Executing the update can be quite long, and this fact gives us two conclusions.

  • Firstly, there’s no point rebuilding the entire index with all of your private packages if you only sent a push to one of them. We should consider setting up a partial rebuild.
  • Secondly, as you don’t really know how long it will take, it’s nice to setup some sort of notification in place so you know when the script ends. That’s important because this end is the signal that you can now do a composer update from within your project to get the latest changes from your private packages.


Put the update script online where it can be accessed via a url, for example https://yourprivatecomposer.com/satis_webhook.php. We’ll use this url as a target for our webhooks.

In GitHub, to setup a webhook, you need to go to one of your repositories, then in settings / webhooks, add a new webhook, then specify that on the push event you’d like to make a request to your remote update script url at https://yourprivatecomposer.com/satis_webhook.php.

Considering partial rebuilds, depending on how the webhook is setup, we can therefore know in the update script which repository is concerned, and only rebuild the index parts that are relevant. When pushing commits to a repository, this could mean we added some commits to an existing version number, or that we’ve created a new version number.

Satis has an option named –repository-url which can be used to tell it to only concentrate on scanning this one and only repository. We’ve paired our webhooks with this option so that all the webhooks carry the repository name in a special parameter, for example : https://yourprivatecomposer.com/satis_webhook.php?pkg=yourcompagny/yourpackagename. In case of GitHub webhooks, you might not need to pass parameters in the url because it posts you a json payload with all this information as well. The aim is that when the update script receives the webhook it should know which repository url it should update. This improvement made our script 20 times quicker to execute (because we’ve had around 20 private repositories at the time) so as you can see it’s a huge performance improvement.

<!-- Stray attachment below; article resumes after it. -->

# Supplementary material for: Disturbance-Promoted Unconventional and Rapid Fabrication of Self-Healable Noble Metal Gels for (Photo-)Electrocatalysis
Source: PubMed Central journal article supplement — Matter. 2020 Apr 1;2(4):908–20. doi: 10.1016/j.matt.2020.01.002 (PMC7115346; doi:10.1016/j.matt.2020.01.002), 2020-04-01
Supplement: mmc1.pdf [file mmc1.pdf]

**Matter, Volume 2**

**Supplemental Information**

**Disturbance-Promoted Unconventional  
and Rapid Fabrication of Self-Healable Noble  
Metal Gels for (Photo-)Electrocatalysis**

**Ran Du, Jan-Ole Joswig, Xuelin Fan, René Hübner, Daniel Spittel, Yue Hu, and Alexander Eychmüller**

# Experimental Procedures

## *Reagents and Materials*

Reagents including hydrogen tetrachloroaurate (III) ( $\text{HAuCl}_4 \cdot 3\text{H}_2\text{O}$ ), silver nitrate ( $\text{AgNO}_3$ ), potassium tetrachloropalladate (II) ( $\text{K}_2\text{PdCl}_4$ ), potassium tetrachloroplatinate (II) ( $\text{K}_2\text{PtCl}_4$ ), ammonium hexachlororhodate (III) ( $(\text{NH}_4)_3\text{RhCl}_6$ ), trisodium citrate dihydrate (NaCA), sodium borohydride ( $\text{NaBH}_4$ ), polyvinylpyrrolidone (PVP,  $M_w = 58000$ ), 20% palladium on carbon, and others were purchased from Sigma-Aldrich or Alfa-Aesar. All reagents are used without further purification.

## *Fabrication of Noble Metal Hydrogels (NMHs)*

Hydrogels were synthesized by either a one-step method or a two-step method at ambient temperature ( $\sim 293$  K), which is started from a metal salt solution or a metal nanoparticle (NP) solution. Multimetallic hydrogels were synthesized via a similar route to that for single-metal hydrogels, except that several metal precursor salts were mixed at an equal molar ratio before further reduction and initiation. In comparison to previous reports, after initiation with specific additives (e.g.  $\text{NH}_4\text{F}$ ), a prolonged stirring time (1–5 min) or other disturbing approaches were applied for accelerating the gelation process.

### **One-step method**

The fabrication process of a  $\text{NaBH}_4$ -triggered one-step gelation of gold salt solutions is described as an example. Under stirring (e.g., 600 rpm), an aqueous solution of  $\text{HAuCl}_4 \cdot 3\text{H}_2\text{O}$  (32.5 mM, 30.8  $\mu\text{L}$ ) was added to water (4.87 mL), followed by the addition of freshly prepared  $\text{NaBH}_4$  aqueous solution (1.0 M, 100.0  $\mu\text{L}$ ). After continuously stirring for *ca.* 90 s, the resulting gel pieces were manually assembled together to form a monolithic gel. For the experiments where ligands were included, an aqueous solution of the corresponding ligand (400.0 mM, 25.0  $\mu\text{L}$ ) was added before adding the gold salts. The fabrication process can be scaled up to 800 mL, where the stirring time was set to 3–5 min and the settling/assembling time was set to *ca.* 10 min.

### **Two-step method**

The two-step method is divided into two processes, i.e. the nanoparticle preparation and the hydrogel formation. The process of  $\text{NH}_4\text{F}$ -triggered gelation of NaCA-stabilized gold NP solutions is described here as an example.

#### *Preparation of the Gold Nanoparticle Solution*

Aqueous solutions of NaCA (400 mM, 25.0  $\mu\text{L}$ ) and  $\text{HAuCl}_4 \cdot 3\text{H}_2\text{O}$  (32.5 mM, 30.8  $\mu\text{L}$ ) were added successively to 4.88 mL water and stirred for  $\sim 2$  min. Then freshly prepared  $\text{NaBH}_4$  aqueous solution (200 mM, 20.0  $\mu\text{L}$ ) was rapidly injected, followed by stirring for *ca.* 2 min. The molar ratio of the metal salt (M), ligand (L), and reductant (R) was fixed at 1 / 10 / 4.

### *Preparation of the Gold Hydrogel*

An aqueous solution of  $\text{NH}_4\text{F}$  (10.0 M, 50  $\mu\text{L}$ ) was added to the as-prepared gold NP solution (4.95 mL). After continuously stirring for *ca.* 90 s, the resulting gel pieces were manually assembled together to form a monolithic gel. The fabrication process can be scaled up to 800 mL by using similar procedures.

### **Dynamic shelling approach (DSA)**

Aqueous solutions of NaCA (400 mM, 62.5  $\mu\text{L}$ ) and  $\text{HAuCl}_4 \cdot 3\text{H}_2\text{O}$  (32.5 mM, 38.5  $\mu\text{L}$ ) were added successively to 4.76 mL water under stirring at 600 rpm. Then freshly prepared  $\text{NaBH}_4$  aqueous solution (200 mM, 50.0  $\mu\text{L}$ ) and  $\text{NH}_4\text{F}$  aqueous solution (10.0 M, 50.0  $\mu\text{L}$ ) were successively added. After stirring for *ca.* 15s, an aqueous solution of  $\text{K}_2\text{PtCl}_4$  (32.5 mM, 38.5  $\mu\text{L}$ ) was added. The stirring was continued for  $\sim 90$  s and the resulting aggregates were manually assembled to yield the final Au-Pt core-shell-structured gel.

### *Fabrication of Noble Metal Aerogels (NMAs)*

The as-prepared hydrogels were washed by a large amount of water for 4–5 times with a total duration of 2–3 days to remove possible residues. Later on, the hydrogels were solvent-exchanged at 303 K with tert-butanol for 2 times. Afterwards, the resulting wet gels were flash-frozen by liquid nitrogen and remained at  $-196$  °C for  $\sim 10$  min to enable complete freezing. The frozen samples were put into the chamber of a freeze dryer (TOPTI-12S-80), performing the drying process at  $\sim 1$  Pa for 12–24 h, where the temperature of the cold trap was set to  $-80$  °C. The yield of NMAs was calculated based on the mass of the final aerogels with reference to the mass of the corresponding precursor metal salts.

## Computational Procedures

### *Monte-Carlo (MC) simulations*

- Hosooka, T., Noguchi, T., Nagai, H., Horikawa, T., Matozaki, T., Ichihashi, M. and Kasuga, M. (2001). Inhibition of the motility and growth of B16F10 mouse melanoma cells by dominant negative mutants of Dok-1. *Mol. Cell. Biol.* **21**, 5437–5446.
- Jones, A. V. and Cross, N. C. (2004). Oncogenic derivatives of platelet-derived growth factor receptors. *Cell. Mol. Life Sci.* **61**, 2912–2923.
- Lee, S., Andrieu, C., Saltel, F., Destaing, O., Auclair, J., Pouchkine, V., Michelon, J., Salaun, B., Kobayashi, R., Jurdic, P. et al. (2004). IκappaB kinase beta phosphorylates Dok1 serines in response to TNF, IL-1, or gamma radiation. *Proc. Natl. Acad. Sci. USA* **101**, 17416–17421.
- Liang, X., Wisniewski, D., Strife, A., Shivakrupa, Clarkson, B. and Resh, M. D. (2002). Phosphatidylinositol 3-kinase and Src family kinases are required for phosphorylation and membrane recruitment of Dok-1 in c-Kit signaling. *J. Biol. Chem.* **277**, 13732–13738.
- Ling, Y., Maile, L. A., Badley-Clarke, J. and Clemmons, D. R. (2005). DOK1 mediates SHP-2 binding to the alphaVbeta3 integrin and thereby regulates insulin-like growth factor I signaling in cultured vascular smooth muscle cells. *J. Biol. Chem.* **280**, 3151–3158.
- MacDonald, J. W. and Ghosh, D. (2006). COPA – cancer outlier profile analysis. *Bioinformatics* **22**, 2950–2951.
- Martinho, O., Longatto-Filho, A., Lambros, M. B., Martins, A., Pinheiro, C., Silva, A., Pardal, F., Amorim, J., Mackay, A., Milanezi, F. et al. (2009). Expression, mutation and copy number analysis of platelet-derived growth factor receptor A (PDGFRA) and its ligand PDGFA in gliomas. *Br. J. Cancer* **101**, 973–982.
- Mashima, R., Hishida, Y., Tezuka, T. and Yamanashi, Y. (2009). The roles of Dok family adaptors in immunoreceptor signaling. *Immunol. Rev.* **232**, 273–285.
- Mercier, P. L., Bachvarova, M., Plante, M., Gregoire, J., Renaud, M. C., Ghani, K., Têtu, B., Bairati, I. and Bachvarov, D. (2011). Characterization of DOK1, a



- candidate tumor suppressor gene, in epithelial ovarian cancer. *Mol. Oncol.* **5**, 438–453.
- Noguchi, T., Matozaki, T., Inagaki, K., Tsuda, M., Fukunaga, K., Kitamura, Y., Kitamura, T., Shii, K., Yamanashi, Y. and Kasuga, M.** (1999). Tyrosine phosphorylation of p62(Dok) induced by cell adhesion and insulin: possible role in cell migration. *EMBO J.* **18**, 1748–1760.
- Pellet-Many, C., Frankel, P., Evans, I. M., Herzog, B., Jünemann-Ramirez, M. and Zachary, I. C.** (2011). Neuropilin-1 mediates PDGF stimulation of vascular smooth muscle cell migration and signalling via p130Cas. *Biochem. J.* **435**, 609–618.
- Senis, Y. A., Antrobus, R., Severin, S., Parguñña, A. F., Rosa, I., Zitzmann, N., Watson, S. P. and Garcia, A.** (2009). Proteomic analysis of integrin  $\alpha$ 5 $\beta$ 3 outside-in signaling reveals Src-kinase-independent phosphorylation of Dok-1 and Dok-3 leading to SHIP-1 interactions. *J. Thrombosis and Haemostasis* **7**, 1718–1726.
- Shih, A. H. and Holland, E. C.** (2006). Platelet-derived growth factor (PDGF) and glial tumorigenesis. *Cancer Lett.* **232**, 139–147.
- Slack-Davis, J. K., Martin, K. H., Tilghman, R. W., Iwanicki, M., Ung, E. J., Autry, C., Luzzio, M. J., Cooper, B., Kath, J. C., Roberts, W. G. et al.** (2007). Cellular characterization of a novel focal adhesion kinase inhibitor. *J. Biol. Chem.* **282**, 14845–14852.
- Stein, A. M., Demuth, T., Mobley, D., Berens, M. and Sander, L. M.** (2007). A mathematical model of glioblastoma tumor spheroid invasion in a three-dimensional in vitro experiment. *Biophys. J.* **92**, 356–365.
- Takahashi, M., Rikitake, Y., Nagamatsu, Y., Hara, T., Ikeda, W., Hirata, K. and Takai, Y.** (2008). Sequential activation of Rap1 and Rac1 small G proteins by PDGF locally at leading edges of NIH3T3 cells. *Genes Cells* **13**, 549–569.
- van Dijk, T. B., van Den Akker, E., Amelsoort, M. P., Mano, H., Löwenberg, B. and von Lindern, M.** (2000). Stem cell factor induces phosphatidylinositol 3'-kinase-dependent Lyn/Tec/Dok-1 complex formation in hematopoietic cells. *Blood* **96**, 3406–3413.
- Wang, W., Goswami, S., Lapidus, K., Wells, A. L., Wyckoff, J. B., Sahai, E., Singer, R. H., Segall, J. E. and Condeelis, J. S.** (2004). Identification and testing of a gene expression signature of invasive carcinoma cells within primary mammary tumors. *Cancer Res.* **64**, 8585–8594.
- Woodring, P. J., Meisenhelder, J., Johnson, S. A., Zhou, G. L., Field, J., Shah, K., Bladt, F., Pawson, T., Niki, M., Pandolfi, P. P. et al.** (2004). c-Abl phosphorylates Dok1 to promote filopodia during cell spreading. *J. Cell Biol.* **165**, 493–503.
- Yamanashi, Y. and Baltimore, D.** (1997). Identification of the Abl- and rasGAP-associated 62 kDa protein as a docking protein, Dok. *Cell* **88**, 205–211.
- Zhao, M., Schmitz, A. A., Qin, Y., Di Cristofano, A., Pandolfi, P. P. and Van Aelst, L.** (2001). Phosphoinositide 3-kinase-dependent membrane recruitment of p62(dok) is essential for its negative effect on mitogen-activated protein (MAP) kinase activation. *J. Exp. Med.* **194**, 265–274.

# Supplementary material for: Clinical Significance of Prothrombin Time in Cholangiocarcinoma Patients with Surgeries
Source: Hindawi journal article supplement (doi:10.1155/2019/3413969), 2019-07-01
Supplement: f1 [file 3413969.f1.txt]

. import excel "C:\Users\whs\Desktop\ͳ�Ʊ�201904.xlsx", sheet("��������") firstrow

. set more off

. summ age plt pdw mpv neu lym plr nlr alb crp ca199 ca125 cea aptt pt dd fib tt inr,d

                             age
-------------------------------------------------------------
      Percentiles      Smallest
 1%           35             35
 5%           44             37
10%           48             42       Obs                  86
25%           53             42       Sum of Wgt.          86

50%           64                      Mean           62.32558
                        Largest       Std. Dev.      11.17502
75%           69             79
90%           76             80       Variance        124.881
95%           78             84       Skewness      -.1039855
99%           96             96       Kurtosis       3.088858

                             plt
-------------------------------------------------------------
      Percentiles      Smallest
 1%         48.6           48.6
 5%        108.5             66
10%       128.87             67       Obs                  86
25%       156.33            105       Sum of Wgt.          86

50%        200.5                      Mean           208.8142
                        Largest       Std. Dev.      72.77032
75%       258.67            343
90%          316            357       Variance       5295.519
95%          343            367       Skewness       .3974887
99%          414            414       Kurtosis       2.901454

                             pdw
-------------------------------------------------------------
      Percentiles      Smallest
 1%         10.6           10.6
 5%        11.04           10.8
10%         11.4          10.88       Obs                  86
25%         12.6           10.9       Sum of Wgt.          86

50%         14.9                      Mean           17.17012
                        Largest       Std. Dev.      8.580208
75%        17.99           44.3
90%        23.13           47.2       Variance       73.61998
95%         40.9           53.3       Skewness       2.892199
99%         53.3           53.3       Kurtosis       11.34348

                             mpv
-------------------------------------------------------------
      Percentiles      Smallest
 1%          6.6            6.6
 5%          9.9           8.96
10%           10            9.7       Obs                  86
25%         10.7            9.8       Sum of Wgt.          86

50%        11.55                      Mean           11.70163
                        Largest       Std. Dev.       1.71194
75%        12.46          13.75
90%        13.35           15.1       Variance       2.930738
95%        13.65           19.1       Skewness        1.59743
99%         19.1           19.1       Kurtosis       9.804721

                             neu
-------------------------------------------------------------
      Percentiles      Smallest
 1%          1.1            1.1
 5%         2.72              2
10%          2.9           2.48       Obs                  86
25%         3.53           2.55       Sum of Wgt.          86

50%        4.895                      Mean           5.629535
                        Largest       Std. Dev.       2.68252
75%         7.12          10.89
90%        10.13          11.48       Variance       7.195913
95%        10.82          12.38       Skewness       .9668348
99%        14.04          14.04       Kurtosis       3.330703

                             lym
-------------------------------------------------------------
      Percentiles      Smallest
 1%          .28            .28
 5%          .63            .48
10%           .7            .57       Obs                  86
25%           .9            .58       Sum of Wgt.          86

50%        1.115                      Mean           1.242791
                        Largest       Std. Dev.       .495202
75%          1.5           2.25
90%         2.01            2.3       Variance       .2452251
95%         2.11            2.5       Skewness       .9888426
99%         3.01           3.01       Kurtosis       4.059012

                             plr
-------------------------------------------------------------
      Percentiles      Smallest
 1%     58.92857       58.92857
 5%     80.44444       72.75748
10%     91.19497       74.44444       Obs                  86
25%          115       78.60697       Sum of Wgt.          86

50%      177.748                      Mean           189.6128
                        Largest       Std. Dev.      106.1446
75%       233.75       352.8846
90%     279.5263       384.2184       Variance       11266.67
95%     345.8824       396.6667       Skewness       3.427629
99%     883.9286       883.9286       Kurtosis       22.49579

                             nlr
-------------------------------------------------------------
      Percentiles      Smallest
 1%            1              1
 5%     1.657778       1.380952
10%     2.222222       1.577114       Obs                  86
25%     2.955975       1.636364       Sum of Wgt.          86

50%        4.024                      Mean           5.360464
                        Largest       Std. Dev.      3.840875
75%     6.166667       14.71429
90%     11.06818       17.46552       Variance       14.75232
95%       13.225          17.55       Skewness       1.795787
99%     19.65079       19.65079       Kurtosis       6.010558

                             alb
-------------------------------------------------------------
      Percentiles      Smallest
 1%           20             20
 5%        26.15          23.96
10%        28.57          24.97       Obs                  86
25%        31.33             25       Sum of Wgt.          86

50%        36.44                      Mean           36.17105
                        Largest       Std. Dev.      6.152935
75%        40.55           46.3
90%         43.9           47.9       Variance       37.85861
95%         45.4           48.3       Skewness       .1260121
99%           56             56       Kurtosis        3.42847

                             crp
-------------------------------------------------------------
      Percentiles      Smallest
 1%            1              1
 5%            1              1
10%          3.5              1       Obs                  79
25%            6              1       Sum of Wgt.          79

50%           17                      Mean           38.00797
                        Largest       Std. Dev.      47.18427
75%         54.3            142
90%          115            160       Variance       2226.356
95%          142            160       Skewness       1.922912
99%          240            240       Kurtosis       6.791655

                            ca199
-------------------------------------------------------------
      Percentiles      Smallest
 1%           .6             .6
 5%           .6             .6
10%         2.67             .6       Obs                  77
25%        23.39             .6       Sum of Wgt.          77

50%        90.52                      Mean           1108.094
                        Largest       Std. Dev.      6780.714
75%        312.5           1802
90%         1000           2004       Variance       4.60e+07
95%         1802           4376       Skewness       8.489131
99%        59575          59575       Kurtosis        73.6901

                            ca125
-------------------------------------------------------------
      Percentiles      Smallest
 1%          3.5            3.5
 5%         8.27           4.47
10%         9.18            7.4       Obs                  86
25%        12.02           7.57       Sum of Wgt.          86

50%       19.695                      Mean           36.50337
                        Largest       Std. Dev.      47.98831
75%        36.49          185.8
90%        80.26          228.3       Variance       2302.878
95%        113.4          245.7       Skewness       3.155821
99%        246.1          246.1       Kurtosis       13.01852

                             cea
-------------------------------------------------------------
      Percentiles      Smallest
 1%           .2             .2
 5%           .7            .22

When the update script first ran, I was sure it was triggering properly thanks to webhooks, but when I had no idea if it had finished, or if it was still running. So I tried my luck by running composer update in my project and one times out of two, it either served me the ‘nothing to update or install’ sentence, or it started updating or installing the updated dependencies.

To avoid this waiting game, I setup a slack notification in a dedicated channel that warned everyone following this channel that one package index had been updated and was available to everyone. That was much much better, I definitely encourage you to do something similar within your own communicate medium.

Referencing your private packagist inside your projects

Now that you have a private composer index accessible online somewhere, open up your project composer.json file, and locate the repositories section. Then add up an entry of type composer with your index url like so:

“repositories”: [{
    “type”: “composer”,
    “url”: “https://wpackagist.org”
    “type”: “composer”,
    “url”: “https://yourprivatecomposer.com”


Hosting your own private packagist can be quite challenging if you’ve never done it before. I hope this little guide would help make the process easier. For example, as I wasn’t a composer specialist, it took me a few bunch of days of investigation, trial and errors before getting to a setup that was production ready. That can be seen as quite an investment. I do hope that you’ll go quicker than me thanks to this article though šŸ™‚ .

And once you’ve got the whole thing running, for your developers it will be so much easier to use the private repositories. Apart from the additional line to put inside the repositories section of your project, requiring private dependencies would be nearly as straightforward as public ones. And that’s the whole point of all this really.